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Lobster-ISS mounted on the upper platform of ESA's Columbus module on the International Space Station. The six detector modules, each pointing in different directions are visible.

The X-ray sky is highly variable and unpredicatable. A new X-ray source may suddenly appear, shine brightly, and then disappear a few days later. An all-sky monitor (ASM) such as Lobster-ISS can alert astronomers to important events occurring anywhere in the sky allowing other observatories to be rapidly repointed to take advantage of new opportunities. Currently astronomers benefit from the ASM on NASA's R-XTE satellite. This will be followed by MAXI on the Japanese module on the International Space Station (ISS). If all goes to plan, Lobster-ISS will be mounted on the ISS in around 2010. Lobster-ISS will be the first true imaging ASM, taking advantage of a breakthrough in X-ray optics called micro-channel plates. Imaging will allow Lobster-ISS to be much more sensitive than previous ASMs, opening up whole new areas of ASM science such as variability studies of Active Galactic Nuclei, stellar coronae, and sensitive searches for X-ray flashes. Currently, the ESA Phase A study is nearing completion. The Lobster-ISS Principal Investigator is Professor G. Fraser from the University of Leicester who leads a team of scientists from the U.K., Finland, Italy, the U.S. and Australia.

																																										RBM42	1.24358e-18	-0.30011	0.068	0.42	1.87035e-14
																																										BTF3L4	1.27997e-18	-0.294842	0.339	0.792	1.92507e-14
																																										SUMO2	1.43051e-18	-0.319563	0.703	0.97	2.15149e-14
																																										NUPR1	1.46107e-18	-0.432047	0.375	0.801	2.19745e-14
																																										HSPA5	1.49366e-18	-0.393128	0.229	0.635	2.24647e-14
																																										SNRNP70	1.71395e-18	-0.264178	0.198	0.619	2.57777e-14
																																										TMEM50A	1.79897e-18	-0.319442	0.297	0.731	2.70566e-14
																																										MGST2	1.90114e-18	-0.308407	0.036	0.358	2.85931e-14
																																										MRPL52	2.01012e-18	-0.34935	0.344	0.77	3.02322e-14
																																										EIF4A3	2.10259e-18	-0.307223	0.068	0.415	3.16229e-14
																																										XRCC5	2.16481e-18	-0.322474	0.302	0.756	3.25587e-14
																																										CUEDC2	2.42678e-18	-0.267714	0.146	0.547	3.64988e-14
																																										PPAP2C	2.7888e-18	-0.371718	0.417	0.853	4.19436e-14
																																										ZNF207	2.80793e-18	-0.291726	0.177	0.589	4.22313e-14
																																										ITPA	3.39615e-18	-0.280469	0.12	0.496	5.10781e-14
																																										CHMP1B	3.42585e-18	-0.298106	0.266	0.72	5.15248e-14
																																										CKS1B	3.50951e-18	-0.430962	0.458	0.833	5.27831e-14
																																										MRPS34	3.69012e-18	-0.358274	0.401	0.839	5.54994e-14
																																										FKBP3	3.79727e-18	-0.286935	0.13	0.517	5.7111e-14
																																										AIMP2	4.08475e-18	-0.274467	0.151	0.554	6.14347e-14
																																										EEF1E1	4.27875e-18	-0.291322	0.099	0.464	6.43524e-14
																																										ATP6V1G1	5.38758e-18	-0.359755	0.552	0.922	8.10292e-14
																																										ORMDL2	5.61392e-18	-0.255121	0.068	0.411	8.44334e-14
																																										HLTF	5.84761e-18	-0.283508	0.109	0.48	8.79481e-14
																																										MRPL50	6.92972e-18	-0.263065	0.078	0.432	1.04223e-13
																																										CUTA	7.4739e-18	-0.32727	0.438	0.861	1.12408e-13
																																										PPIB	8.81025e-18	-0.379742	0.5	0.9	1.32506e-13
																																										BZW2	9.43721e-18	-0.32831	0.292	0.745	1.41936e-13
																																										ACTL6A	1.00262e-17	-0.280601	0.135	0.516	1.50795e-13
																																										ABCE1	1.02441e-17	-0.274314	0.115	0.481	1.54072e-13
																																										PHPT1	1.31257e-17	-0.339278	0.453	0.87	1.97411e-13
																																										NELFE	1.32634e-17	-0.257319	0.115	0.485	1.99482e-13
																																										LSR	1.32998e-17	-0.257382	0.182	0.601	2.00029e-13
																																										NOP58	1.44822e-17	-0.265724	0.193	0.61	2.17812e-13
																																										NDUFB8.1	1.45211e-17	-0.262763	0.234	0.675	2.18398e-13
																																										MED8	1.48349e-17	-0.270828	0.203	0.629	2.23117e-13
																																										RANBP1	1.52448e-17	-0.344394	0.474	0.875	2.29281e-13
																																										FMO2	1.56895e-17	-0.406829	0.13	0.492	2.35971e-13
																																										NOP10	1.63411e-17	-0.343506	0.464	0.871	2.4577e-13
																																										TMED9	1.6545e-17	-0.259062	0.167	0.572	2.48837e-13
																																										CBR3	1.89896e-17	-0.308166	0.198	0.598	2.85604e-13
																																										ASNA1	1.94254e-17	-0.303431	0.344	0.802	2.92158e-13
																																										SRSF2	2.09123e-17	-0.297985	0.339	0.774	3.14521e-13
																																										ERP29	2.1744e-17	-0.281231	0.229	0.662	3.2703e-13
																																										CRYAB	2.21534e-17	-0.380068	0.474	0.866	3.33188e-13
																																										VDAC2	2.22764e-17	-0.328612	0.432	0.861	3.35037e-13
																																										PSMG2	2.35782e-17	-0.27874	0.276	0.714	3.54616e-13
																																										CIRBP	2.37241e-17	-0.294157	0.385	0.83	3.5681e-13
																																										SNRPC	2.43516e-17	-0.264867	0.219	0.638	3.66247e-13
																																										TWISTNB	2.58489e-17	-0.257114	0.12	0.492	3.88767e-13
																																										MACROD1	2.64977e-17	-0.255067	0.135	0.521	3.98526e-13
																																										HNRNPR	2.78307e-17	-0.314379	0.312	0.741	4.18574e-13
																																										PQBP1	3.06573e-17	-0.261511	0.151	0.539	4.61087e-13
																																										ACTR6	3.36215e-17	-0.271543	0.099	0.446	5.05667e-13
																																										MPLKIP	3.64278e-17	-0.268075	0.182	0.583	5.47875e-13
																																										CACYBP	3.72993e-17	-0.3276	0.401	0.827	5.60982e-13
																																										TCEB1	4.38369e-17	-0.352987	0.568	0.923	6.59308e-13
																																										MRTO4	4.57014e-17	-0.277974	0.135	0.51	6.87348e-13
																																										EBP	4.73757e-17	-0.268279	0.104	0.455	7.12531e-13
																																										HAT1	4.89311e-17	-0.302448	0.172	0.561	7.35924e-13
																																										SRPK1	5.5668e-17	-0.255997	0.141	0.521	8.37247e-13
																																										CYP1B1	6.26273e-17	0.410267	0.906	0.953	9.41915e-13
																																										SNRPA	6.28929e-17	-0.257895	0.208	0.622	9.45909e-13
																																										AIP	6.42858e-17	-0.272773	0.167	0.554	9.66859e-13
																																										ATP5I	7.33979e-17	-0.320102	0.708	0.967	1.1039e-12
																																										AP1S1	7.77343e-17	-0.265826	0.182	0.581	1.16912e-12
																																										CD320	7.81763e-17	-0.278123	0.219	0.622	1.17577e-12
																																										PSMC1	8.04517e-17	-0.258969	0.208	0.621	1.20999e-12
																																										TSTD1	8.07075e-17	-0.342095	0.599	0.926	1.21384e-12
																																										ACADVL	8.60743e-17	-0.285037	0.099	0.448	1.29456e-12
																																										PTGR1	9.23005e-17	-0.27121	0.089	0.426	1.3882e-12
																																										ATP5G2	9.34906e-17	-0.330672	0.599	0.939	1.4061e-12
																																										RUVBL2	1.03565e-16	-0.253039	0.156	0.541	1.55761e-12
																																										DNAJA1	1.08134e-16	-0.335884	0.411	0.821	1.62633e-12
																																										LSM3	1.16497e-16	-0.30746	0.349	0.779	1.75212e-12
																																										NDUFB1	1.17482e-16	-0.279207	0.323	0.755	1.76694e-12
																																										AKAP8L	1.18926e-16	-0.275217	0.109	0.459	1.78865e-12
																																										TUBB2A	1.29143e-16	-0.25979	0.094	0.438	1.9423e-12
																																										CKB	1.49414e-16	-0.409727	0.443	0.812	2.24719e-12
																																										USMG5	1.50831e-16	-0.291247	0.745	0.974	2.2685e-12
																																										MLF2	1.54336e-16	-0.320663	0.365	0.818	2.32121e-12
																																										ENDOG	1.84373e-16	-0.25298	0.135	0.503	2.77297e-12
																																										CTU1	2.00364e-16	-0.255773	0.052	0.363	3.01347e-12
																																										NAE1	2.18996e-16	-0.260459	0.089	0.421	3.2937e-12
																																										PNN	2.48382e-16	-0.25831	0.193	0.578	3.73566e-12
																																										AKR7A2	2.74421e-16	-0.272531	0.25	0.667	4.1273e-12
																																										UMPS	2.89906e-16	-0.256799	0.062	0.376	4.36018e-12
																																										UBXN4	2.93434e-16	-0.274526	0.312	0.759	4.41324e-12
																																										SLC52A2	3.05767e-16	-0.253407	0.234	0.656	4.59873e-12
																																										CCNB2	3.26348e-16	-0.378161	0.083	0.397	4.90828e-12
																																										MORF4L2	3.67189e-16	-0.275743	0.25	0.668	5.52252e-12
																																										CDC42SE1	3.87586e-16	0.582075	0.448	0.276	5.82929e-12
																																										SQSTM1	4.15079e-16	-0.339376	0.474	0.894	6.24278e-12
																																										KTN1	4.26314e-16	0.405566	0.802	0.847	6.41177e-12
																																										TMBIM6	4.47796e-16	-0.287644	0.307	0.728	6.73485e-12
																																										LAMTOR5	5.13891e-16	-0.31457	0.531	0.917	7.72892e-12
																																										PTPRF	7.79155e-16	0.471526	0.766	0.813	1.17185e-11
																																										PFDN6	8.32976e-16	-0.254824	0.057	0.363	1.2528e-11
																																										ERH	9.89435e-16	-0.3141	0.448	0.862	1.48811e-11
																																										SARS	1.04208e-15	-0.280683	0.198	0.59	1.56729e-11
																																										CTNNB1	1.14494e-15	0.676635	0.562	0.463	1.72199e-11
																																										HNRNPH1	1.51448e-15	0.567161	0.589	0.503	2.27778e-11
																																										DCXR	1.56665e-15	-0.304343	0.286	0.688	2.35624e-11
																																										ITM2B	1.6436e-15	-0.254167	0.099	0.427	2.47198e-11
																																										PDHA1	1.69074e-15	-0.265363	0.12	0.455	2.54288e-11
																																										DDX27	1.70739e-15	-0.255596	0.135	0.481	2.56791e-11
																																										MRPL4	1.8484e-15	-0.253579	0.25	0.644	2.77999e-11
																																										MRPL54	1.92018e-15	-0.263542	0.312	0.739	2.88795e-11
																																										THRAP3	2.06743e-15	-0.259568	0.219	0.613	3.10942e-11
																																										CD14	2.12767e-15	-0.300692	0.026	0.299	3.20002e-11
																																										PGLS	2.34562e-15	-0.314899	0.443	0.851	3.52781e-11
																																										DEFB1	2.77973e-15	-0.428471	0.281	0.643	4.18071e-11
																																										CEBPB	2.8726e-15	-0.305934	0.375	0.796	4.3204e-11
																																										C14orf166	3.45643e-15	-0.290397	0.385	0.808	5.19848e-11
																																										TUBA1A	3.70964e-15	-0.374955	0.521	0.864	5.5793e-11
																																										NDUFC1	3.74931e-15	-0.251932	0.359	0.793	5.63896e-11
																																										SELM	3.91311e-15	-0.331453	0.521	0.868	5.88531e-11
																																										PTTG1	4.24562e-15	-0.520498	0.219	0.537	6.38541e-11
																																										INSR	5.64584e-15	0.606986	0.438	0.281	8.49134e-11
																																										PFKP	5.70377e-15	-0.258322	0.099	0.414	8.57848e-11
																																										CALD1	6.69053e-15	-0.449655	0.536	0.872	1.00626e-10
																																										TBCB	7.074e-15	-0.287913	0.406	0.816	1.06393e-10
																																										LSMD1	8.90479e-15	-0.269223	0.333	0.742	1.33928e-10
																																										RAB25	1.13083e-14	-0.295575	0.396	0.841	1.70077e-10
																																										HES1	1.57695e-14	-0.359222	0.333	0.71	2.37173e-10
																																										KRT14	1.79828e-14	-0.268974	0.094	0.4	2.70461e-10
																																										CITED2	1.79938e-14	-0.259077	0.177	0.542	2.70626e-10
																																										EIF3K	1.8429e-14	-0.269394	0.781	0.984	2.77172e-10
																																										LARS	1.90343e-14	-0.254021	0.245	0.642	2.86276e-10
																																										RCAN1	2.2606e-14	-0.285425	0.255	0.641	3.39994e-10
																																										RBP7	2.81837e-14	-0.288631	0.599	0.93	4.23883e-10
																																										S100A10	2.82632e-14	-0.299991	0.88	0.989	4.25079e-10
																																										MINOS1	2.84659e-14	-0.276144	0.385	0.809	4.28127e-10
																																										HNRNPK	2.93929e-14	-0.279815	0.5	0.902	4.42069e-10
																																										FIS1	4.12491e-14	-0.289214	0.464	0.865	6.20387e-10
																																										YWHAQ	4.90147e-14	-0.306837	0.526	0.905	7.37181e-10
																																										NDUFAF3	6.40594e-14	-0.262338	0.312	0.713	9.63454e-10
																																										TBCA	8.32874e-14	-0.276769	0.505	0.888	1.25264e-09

The phase A study was formally completed at the phase A review board meeting of February 16, 2005 and Lobster declared technically ready to proceed to phase B

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This page was first created on 27 January, 2004 and was last updated on 1 April, 2005.
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